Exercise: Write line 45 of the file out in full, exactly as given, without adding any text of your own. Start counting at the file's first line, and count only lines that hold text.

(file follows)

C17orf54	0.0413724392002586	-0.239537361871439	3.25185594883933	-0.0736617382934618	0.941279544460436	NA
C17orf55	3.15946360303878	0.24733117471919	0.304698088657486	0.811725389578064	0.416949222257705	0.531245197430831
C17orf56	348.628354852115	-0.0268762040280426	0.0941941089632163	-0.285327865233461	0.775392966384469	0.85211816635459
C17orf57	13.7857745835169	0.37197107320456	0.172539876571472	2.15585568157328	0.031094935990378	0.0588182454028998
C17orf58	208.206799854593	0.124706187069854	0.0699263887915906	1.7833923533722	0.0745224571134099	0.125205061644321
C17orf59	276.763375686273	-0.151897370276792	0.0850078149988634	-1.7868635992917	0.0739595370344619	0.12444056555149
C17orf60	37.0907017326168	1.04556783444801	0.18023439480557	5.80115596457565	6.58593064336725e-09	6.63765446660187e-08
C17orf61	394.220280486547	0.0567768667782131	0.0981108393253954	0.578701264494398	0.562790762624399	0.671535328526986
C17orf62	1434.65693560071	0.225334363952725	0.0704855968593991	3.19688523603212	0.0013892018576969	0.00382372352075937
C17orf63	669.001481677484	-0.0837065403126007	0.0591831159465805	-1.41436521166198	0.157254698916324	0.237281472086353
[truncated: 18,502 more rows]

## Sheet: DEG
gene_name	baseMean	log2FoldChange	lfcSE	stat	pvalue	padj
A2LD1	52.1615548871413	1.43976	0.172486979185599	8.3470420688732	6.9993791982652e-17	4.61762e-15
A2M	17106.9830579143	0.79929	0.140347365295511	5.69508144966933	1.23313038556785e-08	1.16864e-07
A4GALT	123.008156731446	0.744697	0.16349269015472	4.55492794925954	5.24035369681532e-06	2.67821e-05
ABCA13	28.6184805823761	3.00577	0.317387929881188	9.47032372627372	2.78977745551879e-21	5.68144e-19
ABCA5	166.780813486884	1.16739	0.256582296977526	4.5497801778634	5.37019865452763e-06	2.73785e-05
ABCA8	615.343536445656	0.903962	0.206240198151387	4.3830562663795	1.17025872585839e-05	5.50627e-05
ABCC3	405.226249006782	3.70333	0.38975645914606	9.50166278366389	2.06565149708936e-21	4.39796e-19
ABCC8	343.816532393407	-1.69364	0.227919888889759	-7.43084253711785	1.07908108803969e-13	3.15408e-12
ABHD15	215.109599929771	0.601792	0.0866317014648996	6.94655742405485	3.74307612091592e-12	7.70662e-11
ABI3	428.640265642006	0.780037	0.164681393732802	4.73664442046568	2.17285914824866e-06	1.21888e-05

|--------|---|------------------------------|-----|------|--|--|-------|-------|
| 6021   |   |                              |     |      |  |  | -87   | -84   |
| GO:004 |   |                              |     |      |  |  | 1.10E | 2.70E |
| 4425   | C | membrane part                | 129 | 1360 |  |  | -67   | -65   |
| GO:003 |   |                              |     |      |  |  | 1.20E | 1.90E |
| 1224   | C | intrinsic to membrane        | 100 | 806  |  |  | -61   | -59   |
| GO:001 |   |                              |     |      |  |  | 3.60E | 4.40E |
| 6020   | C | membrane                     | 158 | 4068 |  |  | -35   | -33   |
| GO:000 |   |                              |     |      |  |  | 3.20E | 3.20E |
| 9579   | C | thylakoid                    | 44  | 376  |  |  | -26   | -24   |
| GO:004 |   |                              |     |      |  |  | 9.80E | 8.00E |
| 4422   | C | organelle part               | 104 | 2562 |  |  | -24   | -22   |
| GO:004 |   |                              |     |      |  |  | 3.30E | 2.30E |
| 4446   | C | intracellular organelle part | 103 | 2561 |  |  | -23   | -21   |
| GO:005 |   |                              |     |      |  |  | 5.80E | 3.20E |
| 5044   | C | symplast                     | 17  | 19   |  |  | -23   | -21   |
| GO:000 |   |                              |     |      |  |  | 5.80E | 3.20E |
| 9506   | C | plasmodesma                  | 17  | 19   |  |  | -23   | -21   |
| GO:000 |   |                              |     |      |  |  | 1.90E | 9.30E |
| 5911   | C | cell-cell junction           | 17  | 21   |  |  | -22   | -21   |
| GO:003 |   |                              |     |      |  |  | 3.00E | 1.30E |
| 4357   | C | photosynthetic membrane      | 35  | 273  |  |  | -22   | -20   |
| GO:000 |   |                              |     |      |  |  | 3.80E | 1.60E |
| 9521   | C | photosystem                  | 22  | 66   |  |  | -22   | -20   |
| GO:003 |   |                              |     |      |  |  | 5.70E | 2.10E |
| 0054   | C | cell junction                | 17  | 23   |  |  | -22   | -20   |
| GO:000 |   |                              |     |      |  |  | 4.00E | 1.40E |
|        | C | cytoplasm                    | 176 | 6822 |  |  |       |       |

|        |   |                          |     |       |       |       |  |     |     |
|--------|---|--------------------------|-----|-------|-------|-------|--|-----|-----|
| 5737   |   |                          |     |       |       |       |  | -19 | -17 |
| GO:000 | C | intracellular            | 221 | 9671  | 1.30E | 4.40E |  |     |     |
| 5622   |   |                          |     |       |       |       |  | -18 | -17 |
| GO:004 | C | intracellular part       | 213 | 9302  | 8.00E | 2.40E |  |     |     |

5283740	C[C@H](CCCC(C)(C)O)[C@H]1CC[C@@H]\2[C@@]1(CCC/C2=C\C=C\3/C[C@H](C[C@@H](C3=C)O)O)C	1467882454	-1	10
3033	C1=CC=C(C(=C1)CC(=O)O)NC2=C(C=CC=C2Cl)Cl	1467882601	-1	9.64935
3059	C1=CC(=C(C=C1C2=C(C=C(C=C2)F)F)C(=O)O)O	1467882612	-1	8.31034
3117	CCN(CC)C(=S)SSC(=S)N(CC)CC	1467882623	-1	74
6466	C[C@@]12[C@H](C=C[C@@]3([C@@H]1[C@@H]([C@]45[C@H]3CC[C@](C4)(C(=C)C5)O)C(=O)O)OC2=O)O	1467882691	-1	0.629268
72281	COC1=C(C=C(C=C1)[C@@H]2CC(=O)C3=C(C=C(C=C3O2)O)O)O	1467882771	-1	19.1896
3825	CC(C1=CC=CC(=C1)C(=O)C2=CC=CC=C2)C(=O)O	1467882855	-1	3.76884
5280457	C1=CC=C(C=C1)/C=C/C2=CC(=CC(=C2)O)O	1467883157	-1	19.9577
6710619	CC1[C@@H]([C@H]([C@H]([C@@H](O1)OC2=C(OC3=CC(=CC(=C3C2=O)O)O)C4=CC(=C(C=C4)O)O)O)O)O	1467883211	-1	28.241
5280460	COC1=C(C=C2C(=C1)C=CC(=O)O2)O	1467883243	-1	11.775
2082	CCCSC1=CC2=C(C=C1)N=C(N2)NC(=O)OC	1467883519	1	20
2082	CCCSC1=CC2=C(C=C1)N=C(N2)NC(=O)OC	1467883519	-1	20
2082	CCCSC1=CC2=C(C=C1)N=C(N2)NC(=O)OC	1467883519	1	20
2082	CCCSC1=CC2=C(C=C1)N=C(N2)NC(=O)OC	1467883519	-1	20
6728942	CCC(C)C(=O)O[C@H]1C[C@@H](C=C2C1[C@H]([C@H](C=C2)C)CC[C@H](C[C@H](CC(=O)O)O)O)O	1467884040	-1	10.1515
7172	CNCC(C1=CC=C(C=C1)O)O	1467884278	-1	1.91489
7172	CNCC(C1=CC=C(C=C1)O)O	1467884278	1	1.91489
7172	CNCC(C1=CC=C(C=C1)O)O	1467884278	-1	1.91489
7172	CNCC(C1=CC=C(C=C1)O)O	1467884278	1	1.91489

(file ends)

| 4357   | C | photosynthetic membrane      | 35  | 273  |  |  | -22   | -20   |